Honoring This Week’s Dan’s Papers Cover Artist: Carol Saxe

This week’s cover by Carol Saxe, “Courtyard,” goes beyond its obvious pleasant imagery.

Yes, it features a spring setting, but there’s no usual abundance of flowers. Yes, it’s an open and airy scene, but we want to know more about what lies in the background once we go through the gates. What makes this image special and yet similar to some of Saxe’s other paintings? First, there’s the idea of nature, combined with architectural aspects, like the gates. Then there’s the feeling of movement, as the viewer walks through the gates to enter the garden. Also present are the sights and sounds of spring, the sensual experience of the moment. Yet another experience, somewhat oppositional, is evoked as well: we are in an intimate space and place, but we are also projected beyond the picture plane at the same time. We are there and not there simultaneously.

I’ve noticed many motifs and similarities in your work — vertical composition (like columns, curtains), for one thing. But verticality can also determine the shape of the canvas. Is this kind of verticality a conscious choice on your part?
The subject matter often dictates this. However, a lot of galleries say horizontal works are more popular than vertical ones. But I find vertical paintings work very well. I paint what I feel. I don’t let the “rules” affect what I paint.

Another striking motif is windows. As you know, windows can convey many metaphors. What do your windows mean to you?
Different people react to them in different ways. I first started painting windows when I lived in Palm Beach, Florida. But my windows were closed. They were an architectural element; I was looking at forms and shapes. Then someone suggested I open the windows. When I did that, I sold twice as many paintings. Viewers need a way into paintings. Windows allow them to do this.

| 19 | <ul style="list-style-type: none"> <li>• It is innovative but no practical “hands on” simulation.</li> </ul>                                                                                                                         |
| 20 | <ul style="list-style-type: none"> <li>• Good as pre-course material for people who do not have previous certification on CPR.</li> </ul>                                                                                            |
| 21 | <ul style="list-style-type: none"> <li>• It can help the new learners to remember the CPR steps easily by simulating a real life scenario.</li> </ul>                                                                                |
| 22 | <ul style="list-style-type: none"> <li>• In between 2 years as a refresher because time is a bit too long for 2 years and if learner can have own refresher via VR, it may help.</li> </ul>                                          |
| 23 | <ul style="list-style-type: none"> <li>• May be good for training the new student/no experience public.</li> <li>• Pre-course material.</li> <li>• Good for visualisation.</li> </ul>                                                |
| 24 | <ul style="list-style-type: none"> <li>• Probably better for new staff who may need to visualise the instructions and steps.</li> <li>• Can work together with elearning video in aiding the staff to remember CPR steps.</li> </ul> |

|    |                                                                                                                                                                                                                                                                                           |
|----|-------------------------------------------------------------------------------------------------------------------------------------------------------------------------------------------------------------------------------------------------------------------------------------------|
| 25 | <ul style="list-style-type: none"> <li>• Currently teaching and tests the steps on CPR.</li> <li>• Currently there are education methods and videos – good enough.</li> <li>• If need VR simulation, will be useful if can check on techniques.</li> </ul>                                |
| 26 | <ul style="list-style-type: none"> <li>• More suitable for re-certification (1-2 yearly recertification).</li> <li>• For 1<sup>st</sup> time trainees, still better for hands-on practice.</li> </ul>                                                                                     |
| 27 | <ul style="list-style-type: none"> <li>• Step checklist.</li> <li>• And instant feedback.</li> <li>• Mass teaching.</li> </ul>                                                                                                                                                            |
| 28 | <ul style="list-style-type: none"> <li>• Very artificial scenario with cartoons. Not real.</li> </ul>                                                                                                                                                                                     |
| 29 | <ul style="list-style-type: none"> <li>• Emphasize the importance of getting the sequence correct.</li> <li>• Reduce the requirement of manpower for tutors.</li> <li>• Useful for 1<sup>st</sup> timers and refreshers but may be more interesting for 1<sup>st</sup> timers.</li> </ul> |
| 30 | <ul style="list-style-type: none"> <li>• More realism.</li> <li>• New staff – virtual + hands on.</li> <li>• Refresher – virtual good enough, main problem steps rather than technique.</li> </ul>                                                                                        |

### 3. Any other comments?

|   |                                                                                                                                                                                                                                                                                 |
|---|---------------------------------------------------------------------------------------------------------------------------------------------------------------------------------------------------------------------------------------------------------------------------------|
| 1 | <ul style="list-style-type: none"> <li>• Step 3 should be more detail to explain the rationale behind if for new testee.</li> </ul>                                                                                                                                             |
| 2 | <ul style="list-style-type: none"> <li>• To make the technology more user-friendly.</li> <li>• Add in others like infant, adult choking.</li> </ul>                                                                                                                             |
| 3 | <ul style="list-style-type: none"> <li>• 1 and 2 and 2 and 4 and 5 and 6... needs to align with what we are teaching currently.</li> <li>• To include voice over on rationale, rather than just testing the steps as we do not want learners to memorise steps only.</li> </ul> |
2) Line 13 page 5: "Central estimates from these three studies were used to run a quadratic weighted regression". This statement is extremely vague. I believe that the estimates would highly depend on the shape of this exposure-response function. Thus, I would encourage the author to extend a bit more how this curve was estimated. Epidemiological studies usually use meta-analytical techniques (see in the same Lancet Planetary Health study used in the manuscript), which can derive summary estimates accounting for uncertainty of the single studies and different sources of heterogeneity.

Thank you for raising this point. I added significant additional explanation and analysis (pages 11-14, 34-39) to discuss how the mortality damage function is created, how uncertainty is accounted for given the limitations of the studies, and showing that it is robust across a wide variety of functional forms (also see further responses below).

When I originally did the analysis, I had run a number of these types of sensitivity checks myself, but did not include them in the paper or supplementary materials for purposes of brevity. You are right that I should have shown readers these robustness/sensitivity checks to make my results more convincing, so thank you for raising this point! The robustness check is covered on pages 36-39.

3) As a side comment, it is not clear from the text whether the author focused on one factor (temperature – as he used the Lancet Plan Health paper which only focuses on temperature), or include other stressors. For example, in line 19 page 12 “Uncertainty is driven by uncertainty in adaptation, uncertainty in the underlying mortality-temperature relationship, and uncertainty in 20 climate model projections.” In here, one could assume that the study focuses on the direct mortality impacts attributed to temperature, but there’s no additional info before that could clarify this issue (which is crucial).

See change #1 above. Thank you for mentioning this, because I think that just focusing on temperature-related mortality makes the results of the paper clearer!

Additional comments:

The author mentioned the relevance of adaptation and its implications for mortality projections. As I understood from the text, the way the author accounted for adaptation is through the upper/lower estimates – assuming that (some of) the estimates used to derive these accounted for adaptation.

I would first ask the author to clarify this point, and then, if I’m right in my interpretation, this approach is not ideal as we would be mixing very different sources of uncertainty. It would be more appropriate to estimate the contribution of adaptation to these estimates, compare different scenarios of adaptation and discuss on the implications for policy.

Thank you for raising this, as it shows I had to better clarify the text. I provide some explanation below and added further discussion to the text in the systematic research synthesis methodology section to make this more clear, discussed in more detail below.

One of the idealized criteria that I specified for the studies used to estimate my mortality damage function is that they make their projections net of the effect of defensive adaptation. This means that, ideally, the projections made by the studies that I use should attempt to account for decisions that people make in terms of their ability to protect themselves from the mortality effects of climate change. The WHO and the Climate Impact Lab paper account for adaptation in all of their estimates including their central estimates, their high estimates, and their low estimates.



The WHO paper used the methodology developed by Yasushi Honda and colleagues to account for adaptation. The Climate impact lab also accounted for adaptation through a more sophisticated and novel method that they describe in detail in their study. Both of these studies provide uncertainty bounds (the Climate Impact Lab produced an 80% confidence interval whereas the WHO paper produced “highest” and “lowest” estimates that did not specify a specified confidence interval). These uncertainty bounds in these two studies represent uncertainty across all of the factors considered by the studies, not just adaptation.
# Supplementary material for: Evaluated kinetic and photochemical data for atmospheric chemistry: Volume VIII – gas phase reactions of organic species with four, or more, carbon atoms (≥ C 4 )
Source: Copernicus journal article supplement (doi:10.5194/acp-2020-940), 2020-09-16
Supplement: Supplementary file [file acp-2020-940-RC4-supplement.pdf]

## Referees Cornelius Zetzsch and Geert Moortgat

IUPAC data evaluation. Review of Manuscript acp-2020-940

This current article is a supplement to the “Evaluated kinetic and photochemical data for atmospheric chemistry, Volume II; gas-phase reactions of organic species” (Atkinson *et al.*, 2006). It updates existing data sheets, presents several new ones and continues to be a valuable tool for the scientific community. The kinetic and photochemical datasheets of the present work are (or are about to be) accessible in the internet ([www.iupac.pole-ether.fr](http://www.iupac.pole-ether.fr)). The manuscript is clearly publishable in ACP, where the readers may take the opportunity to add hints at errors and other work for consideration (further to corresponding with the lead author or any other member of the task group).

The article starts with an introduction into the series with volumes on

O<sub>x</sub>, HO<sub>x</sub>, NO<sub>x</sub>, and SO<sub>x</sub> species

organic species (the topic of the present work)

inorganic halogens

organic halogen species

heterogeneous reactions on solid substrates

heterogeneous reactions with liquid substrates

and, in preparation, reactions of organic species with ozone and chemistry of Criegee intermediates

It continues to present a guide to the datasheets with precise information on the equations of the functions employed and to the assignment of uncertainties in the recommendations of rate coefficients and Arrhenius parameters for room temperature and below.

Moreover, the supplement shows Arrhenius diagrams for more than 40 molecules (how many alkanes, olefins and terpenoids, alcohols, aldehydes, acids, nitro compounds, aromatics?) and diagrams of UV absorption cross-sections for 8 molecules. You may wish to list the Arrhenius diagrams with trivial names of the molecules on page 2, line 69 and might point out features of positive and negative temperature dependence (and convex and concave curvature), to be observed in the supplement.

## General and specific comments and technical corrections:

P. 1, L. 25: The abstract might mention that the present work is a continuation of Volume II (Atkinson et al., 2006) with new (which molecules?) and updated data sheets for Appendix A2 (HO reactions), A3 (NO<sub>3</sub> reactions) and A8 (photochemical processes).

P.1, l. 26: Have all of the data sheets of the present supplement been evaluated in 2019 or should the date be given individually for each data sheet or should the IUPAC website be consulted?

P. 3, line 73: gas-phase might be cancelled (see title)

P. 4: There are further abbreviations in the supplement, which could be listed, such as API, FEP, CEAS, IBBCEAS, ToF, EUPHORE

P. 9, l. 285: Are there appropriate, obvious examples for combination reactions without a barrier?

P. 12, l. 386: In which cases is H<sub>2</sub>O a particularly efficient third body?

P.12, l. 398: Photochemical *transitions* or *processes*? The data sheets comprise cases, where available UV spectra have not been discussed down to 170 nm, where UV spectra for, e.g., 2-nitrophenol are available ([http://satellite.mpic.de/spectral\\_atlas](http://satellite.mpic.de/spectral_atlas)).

In your paintings, windows let spectators look in at the scene and also look out. Either way, you provide a welcoming experience. What about people? There are none in most of your works.
As a child, I painted people. Then when I started painting as an adult, galleries said to take the people out.

What was your art training like, your early art experiences?
As a teenager, I liked to go to MOMA and see all the “hot” paintings. Living in Palm Beach, I was attracted to the courtyards and turned toward Realism. I got a B.F.A. at the University of Michigan.

How was that experience majoring in art?
Two courses should be required in art school: Business Management and How to Handle Rejection.

Who were some of your influences through the years?
The Impressionists, like Monet. They captured the lifestyle at the time, café life as an example. That’s one of my themes in the last 20 years. To capture the lifestyle of my subjects, the social/cultural environment.

What else is important to you, besides your themes? In other words, what does art mean to you?
Art is communication. I want to evoke a response. I am a happier person when I’m painting. Art is addictive.

Carol Saxe will be showing her work starting June 7 at Southampton’s Chrysalis Gallery (2 Main Street). 631-287-1883, chrysalisgallery.com

Dan's Papers cover "Courtyard" by Carol Saxe

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